Thursday, 12 June 2008

A Reply To Mike McNair Part VI

“Class formations are tolerated by societies over prolonged periods of time for two reasons.”

I find this an odd formulation. It suggests a conception of society as some kind of conscious entity that makes a choice to tolerate this or that condition rather than the fundamental aspect of society being its process of development through the class struggle – indeed through other struggles too, such as gender sexuality etc. – a process which largely goes on behind the back of society as a whole.

“The first is that the competitive relations between private slaveowners, feudal barons, capitalists, etc., tend to create incentives to develop the forces of production (albeit more slowly in pre-capitalist than in capitalist societies).”

This is true but as I said above this is process which goes on behind the back of society not something it is conscious of tolerates or encourages. And although this is a social process it proceeds not because it is of benefit to “society”, but because it is of benefit to particular exploiting classes, and indeed to individuals within those classes. History is a process which goes on behind the backs of its participants, but it is nevertheless a process which unfolds as a result of the actions of real men, who are motivated by real needs and aspirations. As Engels put it,

“According to the materialist conception of history, the ultimately determining element in history is the production and reproduction of real life. Other than this neither Marx nor I have ever asserted. Hence if somebody twists this into saying that the economic element is the only determining one, he transforms that proposition into a meaningless, abstract, senseless phrase. The economic situation is the basis, but the various elements of the superstructure — political forms of the class struggle and its results, to wit: constitutions established by the victorious class after a successful battle, etc., juridical forms, and even the reflexes of all these actual struggles in the brains of the participants, political, juristic, philosophical theories, religious views and their further development into systems of dogmas — also exercise their influence upon the course of the historical struggles and in many cases preponderate in determining their form. There is an interaction of all these elements in which, amid all the endless host of accidents (that is, of things and events whose inner interconnection is so remote or so impossible of proof that we can regard it as non-existent, as negligible), the economic movement finally asserts itself as necessary. Otherwise the application of the theory to any period of history would be easier than the solution of a simple equation of the first degree.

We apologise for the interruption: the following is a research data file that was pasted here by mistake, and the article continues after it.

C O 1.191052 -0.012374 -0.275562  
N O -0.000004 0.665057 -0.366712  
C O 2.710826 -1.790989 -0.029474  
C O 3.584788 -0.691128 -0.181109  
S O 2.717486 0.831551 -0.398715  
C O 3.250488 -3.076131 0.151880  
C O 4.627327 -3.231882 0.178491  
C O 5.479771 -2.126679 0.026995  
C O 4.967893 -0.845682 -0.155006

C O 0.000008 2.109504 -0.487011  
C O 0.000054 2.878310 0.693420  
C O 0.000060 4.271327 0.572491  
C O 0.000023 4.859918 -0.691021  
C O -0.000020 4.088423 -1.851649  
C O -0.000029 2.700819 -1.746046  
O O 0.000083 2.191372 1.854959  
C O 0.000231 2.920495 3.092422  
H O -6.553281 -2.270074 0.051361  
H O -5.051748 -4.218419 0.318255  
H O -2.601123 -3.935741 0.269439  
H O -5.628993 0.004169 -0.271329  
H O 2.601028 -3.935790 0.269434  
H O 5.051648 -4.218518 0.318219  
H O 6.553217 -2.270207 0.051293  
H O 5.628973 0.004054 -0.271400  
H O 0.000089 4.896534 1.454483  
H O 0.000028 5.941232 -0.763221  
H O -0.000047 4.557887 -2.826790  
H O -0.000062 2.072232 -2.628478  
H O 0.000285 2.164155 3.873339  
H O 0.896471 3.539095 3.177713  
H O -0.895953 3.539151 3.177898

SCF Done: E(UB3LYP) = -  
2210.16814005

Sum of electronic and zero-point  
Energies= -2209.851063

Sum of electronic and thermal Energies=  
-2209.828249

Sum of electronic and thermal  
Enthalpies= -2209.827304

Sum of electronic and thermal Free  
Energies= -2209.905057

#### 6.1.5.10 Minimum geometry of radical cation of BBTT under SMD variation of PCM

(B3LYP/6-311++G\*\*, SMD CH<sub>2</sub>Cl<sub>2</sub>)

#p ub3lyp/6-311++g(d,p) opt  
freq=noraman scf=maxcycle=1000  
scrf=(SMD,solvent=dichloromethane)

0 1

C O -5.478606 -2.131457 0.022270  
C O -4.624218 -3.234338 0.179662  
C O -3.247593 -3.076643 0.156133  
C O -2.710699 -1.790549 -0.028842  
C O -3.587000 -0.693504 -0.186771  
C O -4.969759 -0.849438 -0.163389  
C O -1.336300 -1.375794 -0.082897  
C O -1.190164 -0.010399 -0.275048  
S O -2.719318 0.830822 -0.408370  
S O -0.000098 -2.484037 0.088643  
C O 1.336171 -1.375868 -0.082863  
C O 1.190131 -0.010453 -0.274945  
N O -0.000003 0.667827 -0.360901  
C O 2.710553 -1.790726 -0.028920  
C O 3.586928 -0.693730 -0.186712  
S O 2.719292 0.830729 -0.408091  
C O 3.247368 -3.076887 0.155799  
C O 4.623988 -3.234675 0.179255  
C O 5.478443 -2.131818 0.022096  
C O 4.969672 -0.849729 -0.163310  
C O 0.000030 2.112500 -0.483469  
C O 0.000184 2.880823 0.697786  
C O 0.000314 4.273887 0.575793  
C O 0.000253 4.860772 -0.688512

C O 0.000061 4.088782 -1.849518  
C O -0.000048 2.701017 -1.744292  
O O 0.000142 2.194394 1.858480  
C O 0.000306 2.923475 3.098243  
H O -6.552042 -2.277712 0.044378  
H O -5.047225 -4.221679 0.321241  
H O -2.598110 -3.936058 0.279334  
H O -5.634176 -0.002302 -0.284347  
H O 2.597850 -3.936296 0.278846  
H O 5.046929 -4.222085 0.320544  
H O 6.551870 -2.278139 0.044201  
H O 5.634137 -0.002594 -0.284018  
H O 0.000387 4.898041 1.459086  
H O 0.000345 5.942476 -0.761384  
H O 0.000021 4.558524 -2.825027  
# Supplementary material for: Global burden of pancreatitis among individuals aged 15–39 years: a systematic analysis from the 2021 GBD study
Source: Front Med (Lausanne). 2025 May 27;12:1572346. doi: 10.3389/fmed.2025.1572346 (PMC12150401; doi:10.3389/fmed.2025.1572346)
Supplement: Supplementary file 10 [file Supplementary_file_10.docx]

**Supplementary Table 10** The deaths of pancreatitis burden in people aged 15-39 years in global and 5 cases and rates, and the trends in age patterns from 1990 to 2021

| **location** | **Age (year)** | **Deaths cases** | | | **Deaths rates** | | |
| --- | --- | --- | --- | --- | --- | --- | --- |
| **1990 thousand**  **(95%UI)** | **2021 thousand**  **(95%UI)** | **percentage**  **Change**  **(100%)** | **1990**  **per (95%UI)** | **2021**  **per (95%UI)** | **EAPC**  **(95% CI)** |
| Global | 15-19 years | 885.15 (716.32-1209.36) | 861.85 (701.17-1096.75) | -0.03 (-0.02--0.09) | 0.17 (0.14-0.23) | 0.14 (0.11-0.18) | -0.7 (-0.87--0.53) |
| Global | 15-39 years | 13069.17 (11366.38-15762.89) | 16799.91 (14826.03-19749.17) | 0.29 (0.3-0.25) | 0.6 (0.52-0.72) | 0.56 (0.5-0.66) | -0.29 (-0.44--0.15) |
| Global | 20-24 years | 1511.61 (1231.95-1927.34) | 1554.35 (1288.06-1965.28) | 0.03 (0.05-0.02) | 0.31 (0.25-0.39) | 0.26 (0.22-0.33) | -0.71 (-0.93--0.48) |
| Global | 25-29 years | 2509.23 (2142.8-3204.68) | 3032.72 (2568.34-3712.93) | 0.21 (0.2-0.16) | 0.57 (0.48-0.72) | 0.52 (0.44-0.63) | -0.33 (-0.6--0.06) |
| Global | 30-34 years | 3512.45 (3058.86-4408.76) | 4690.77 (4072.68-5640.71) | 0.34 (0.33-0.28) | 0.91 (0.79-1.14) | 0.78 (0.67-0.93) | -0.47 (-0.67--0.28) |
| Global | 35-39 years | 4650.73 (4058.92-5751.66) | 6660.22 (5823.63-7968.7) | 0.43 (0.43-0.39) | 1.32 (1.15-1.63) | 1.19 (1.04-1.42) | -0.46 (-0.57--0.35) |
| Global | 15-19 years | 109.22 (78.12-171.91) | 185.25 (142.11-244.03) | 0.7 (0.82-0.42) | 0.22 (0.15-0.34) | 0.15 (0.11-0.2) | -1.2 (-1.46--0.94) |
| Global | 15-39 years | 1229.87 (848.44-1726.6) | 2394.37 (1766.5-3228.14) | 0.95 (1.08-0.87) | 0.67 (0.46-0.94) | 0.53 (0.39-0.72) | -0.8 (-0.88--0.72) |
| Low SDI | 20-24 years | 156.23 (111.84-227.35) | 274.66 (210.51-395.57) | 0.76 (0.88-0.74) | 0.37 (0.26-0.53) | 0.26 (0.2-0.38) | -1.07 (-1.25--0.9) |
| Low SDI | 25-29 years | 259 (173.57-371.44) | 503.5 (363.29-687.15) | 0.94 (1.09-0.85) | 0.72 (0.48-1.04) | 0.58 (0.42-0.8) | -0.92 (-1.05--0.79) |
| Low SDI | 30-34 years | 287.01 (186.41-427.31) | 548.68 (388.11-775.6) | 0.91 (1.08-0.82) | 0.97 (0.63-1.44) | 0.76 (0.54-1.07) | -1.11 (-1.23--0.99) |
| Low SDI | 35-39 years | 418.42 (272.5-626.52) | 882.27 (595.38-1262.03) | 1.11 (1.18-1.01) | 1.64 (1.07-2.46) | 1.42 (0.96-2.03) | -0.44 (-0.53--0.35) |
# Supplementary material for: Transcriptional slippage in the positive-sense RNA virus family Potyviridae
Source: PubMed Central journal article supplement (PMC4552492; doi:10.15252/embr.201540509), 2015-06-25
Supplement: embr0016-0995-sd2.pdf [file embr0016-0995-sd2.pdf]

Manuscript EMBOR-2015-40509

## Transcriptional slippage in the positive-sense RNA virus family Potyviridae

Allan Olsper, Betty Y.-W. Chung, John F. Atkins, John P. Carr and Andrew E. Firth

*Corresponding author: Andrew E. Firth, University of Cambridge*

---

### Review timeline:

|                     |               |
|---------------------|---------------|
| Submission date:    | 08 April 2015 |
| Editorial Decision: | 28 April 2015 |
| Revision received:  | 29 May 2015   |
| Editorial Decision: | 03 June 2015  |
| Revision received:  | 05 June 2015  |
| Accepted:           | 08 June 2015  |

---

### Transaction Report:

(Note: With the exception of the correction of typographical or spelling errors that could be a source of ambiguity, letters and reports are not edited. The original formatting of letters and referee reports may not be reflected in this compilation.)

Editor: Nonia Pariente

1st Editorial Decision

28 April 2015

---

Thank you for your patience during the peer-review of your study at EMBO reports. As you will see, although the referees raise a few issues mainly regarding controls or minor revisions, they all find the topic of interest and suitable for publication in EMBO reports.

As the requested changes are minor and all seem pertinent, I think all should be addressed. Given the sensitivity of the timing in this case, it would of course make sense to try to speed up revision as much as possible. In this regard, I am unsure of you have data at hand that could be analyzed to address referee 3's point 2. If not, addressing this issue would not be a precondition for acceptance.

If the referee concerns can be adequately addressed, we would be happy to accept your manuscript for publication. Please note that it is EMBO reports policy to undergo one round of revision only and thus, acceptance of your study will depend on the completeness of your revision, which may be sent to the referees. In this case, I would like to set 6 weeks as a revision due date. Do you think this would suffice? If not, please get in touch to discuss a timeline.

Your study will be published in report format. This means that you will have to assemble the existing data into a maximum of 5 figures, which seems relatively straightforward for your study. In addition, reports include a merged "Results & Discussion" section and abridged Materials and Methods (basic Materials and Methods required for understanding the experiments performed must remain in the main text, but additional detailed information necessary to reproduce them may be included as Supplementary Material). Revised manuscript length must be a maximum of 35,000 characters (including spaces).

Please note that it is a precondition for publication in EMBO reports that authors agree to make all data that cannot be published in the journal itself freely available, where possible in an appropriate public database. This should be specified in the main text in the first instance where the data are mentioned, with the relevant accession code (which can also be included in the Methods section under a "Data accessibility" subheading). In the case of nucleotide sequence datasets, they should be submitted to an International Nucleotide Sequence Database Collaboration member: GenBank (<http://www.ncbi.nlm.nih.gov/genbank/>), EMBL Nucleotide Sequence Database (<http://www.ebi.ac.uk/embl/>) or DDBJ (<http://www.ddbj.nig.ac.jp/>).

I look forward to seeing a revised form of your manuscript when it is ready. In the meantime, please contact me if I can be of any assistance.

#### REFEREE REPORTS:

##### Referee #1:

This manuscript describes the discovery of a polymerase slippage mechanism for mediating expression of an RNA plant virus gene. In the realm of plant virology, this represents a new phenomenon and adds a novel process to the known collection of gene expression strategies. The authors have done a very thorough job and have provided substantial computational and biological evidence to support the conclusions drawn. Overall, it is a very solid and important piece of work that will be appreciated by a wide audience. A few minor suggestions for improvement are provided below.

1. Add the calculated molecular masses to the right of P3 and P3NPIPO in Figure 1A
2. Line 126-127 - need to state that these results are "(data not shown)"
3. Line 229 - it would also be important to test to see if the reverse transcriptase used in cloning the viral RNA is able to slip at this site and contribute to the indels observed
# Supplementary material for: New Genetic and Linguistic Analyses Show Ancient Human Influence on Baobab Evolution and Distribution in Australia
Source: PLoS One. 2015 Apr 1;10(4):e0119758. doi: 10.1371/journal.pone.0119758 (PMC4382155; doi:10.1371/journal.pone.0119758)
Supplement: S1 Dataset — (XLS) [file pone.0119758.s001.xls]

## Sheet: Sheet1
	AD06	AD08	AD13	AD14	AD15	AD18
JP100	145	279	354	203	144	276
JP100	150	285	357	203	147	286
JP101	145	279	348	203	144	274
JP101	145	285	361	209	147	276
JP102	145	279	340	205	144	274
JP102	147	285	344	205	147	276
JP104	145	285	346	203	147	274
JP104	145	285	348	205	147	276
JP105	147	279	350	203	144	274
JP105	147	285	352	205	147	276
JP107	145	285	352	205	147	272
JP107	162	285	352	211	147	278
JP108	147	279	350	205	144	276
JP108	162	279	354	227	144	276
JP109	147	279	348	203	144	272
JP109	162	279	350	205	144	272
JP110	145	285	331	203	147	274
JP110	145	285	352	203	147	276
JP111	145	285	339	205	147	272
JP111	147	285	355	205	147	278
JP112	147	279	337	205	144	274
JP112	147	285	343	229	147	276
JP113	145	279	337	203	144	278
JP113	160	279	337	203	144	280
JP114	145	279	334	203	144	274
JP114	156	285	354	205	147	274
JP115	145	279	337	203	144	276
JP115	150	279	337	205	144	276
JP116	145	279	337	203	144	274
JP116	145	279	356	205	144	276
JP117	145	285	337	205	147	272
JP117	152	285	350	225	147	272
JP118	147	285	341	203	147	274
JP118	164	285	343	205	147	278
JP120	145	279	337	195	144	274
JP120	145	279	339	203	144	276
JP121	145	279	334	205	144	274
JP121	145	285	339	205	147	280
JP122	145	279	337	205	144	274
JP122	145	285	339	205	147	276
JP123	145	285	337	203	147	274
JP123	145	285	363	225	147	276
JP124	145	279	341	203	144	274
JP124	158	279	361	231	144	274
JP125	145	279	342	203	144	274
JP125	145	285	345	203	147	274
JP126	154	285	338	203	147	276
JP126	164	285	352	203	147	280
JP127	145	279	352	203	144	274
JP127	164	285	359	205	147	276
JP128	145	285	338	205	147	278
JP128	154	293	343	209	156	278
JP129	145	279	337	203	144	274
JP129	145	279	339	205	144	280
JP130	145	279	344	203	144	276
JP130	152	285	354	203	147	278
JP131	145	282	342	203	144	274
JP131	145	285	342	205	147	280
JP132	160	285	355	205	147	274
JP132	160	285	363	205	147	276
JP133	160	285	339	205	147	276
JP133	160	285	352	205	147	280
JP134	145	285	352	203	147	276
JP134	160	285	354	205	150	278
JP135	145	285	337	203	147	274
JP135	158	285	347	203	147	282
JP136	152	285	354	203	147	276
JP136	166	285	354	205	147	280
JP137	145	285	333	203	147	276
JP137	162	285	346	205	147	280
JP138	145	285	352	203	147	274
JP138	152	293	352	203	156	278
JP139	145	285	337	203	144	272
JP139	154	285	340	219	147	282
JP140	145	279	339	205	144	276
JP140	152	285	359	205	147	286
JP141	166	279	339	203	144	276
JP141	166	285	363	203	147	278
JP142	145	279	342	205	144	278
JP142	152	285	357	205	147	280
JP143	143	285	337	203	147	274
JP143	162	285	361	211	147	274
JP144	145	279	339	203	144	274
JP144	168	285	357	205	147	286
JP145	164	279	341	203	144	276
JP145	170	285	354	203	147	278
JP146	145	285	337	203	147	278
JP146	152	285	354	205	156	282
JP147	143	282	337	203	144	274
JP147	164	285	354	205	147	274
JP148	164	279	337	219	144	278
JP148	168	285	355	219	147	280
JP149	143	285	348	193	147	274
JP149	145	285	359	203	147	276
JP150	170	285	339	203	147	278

We make our history ourselves, but, in the first place, under very definite assumptions and conditions. Among these the economic ones are ultimately decisive. But the political ones, etc., and indeed even the traditions which haunt human minds also play a part, although not the decisive one. …

In the second place, however, history is made in such a way that the final result always arises from conflicts between many individual wills, of which each in turn has been made what it is by a host of particular conditions of life. Thus there are innumerable intersecting force, an infinite series of parallelograms of forces which give rise to one resultant — the historical event. This may again itself be viewed as the product of a power which works as a whole unconsciously and without volition. For what each individual wills is obstructed by everyone else, and what emerges is something that no one willed. Thus history has proceeded hitherto in the manner of a natural process and is essentially subject to the same laws of motion. But from the fact that the wills of individuals — each of whom desires what he is impelled to by his physical constitution and external, in the last resort economic, circumstances (either his own personal circumstances or those of society in general) — do not attain what they want, but are merged into an aggregate mean, a common resultant, it must not be concluded that they are equal to zero. On the contrary, each contributes to the resultant and is to this extent included in it.”
Engels Letter to Bloch 1890

See:Letter to Bloch

“The second is that the institution of small productive property (the peasant’s farm, the artisan’s shop, and so on) legitimates the individual property claims of large owners.”